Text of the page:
Last night, while Downtown Los Angeles became a hotbed of newsworthy activities that spun into a mourning for pop music, music television, and culture as a whole, the Hollywood hills provided something quite different. Sure, the VMAs attracted more celebrities and certainly more attention outside of Southern California, but the Hollywood Bowl still managed to get some big names (Beck, Justin Timberlake) out of the house to witness a triumphant, sold-out co-headlining bill from R&B legend Erykah Badu and one of music’s preeminent performers in St. Vincent. On a night that most of America turned their attention to celebrity beef and Kanye for president, the Bowl served as a reminder that there are choices for where we find our entertainment, on where we focus, and that art and music aren’t limited to what we see on television award shows.
Setting the tone for the evening was a brief, four-song set from Los Angeles rising star Moses Sumney, who like most in his position, displayed disbelief and honor at performing at the iconic venue. Sticking to his guns with his esoteric blend of guitar looping and loosely defined vocal melodies, Sumney made the most of his brief appearance by bringing with him an army of backing musicians for his last song, “Lonely World”. Before this number, Sumney had been charming enough to get the entire Bowl to shush each other on command, but “Lonely World”, with its concluding team-percussion, revealed Sumney to be a brave and adept performer on the large stage, accomplishing in 20 minutes what many others have trouble doing in an hour.
Of course, it is one thing to hit the peak that Sumney did, but what St. Vincent does on stage these days is on a whole different level. Though she has been touring her major label debut for more than a year, the remarkable thing about Annie Clark’s live presentation is that she continues to hone, change, and perfect it. Some aspects of her live show remain the same whether she is at a festival, in a small room, or at the Bowl, like the choreographed circle walking of “Bring Me Your Loves” or the tip-toeing back and forth with her onstage counterpart, Toko Yasuda, during “Birth in Reverse”. But on this night, Clark added in backing dancers to perform on her staircase above her, managed to incorporate new visual stunners like a mock tumble down the stairs, and at the set’s crescendo, practically came unhinged just to put herself back together again.
This was during “Your Lips Are Red”, from her 2007 debut LP. After the song’s tension had built to the same crisp climax that it does on record, Clark stormed into the audience, grabbing wine off one table to take a swig, throwing her guitar at a fan and forcing him to play it, and finally fleeing back to the stage where she was lifted to a hospital bed by her dancers and slowly spun around while she gave a final guitar solo. The spectacle was highly technical, never sacrificing the sonics of the song, but maybe most impressive was the overall intent of the moment. St. Vincent was playing to the whole room, with everything from her robotic stage movements to her facial expressions designed to work from the front row to the cheap seats. Slaying a sold-out Hollywood Bowl was just another small hurdle for her to conquer with a spectacle that is as visual as it is emotional. It would be hard to say that the dance routines and over-the-top presentations at the VMAs came close to accomplishing something similar.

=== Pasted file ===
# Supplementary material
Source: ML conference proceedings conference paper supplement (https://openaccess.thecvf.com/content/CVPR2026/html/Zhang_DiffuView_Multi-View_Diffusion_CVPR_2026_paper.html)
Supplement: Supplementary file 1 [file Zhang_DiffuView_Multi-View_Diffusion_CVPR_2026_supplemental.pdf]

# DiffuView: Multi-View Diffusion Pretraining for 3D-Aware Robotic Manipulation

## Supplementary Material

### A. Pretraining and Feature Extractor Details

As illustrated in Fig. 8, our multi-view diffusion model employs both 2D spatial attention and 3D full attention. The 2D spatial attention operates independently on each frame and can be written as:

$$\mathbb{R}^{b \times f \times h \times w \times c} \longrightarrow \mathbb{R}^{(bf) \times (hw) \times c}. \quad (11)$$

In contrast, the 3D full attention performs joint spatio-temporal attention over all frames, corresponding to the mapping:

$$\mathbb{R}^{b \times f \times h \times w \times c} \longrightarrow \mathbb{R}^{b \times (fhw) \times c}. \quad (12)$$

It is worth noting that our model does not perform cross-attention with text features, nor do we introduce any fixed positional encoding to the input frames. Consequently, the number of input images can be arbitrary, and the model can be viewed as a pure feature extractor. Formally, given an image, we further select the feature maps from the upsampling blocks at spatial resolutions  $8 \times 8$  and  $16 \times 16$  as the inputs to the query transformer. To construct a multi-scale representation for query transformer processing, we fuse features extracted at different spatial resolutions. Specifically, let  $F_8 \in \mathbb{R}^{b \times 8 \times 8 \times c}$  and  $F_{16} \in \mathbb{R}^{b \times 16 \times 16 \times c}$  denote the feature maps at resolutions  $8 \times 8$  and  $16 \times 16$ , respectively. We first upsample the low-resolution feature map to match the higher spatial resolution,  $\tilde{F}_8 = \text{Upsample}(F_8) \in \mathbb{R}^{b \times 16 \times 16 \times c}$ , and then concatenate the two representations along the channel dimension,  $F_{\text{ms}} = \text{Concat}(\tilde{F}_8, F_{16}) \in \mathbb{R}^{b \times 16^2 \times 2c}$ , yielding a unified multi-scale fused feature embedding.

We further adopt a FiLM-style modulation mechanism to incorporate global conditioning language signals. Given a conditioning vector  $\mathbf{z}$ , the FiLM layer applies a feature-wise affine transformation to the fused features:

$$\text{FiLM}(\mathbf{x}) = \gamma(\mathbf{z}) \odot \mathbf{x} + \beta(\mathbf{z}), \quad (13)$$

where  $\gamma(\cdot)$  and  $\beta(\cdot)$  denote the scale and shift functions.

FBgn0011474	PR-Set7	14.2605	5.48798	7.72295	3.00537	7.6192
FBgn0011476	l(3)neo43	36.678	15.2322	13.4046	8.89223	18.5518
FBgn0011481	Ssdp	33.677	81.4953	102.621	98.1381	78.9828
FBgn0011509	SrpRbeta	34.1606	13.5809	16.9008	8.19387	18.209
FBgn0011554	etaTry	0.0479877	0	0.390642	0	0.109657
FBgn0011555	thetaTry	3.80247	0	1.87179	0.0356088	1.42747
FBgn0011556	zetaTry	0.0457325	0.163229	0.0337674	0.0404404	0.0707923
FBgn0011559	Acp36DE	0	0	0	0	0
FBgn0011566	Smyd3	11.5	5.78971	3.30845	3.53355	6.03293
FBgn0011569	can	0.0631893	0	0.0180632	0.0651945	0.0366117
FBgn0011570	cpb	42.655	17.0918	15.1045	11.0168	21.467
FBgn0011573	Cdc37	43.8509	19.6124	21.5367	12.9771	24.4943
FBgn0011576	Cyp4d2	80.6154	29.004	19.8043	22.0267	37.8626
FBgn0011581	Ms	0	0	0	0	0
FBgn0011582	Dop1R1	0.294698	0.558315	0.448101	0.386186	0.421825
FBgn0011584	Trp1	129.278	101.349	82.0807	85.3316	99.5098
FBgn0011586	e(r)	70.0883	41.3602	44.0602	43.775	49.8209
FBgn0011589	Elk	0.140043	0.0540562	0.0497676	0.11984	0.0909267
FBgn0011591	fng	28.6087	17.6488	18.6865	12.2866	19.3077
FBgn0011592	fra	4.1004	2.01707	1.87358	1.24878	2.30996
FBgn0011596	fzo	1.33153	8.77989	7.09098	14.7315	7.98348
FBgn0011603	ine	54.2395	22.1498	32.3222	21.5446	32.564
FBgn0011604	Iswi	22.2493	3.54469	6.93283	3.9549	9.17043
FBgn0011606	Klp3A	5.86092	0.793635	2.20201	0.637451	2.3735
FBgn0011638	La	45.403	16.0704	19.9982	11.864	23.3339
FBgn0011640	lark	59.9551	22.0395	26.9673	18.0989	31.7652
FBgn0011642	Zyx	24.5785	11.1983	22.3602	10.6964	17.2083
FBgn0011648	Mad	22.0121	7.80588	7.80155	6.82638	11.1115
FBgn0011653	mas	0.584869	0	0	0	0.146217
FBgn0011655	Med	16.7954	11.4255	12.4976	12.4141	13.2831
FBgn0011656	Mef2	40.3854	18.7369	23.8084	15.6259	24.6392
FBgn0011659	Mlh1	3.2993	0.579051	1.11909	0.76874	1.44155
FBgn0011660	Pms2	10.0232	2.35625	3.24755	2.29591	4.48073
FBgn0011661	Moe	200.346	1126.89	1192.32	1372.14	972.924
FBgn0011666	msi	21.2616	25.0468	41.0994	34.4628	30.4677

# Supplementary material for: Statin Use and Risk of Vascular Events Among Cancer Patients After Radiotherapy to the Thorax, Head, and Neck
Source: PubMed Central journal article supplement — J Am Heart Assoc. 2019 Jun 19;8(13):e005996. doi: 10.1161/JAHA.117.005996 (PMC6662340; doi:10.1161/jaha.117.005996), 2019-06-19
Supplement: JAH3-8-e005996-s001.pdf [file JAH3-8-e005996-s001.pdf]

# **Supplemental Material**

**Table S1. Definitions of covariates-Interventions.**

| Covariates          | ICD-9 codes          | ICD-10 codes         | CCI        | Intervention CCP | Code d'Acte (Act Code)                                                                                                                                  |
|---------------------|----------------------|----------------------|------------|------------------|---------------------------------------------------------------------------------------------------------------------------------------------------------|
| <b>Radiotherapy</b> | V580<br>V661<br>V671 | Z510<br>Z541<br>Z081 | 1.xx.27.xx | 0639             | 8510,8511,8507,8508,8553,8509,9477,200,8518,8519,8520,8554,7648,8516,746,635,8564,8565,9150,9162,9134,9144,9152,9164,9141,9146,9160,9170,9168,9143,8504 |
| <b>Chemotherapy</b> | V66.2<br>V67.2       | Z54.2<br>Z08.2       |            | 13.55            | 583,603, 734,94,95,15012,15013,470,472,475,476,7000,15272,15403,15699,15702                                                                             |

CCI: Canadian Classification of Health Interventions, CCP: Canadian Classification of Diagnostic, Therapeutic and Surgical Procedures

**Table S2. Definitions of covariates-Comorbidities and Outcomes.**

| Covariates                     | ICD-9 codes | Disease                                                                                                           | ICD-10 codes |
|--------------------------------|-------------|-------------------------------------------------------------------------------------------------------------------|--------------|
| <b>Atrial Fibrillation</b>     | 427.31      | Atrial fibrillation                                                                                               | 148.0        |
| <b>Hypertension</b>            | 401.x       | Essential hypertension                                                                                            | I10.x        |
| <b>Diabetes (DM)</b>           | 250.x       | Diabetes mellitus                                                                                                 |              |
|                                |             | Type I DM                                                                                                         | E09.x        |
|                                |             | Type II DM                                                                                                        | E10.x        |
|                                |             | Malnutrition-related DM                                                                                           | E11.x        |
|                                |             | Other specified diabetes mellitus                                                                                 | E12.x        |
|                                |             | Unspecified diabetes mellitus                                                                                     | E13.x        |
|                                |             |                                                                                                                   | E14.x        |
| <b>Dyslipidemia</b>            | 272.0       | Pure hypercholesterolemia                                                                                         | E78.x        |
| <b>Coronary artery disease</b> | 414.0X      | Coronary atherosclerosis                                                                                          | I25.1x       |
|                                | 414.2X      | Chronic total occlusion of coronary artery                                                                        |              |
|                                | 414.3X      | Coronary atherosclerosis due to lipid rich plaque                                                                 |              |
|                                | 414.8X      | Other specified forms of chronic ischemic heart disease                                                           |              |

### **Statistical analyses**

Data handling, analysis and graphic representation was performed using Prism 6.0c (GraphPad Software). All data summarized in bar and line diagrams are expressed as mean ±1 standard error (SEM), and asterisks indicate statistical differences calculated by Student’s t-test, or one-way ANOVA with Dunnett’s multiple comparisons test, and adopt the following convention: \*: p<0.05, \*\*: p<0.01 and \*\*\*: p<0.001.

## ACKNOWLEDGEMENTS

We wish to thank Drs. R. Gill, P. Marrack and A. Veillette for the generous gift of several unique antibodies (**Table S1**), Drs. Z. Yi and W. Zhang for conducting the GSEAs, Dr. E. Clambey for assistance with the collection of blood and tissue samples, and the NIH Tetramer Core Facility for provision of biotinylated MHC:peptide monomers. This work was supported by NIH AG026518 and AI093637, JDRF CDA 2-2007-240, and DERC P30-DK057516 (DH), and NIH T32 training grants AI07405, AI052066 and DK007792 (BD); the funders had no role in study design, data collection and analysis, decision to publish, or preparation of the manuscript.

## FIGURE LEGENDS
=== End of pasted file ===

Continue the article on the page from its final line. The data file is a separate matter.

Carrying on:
The impossibility of topping this moment was acknowledged late in Badu’s set, with the singer commending both St. Vincent’s manic performance and her unparalleled fashion sense. But the cool thing about the mix of fans that Clark and Badu attracted was that there was no need for Badu to try to top St. Vincent. Her set was more like a change of pace, a switch of the channel for music fans with an omnivorous taste level, that easily have a palate for both the artistic adventures that St. Vincent provides and the nostalgic grooves of Badu.
Badu was happy to evoke the past frequently, offering to take fans back in time with hits “On & On” and a night-ending, triumphant “Tyrone”. But more exciting were a couple late set numbers. “Time’s a Wastin” was called out as a favorite of local rapper Tyler, the Creator, and it wasn’t hard to figure out why. With straightforward lyrics and a poignant message of urgency that would appeal to the young rapper, Badu sang, “Time’s a wastin/ Don’t you take your time young man/ Keep on driftin’ and/ Ain’t no tellin’ where you’ll land.” And with her penultimate number, she accomplished something that Clark never could: she got the majority of the Bowl up and dancing for “I Want You”. It was the perfect counterpoint to a set that kept viewers’ eyes focused — a chance to let loose and ditch any sense of cool. It was a moment in a show full of many that spoke to contemporary music’s vitality and something to keep in mind for those finding that night’s VMA drivel hard to escape.
Erykah Badu Setlist:
20 Feet Tall
Out My Mind, Just in Time
On & On
Love of My Life (An Ode to Hip Hop)
Time’s a Wastin
I Want You
St. Vincent Setlist:
Birth in Reverse
Actor Out of Work
Jesus Saves, I Spend
Every Tear Disappears
Bring Me Your Loves
Your Lips Are Red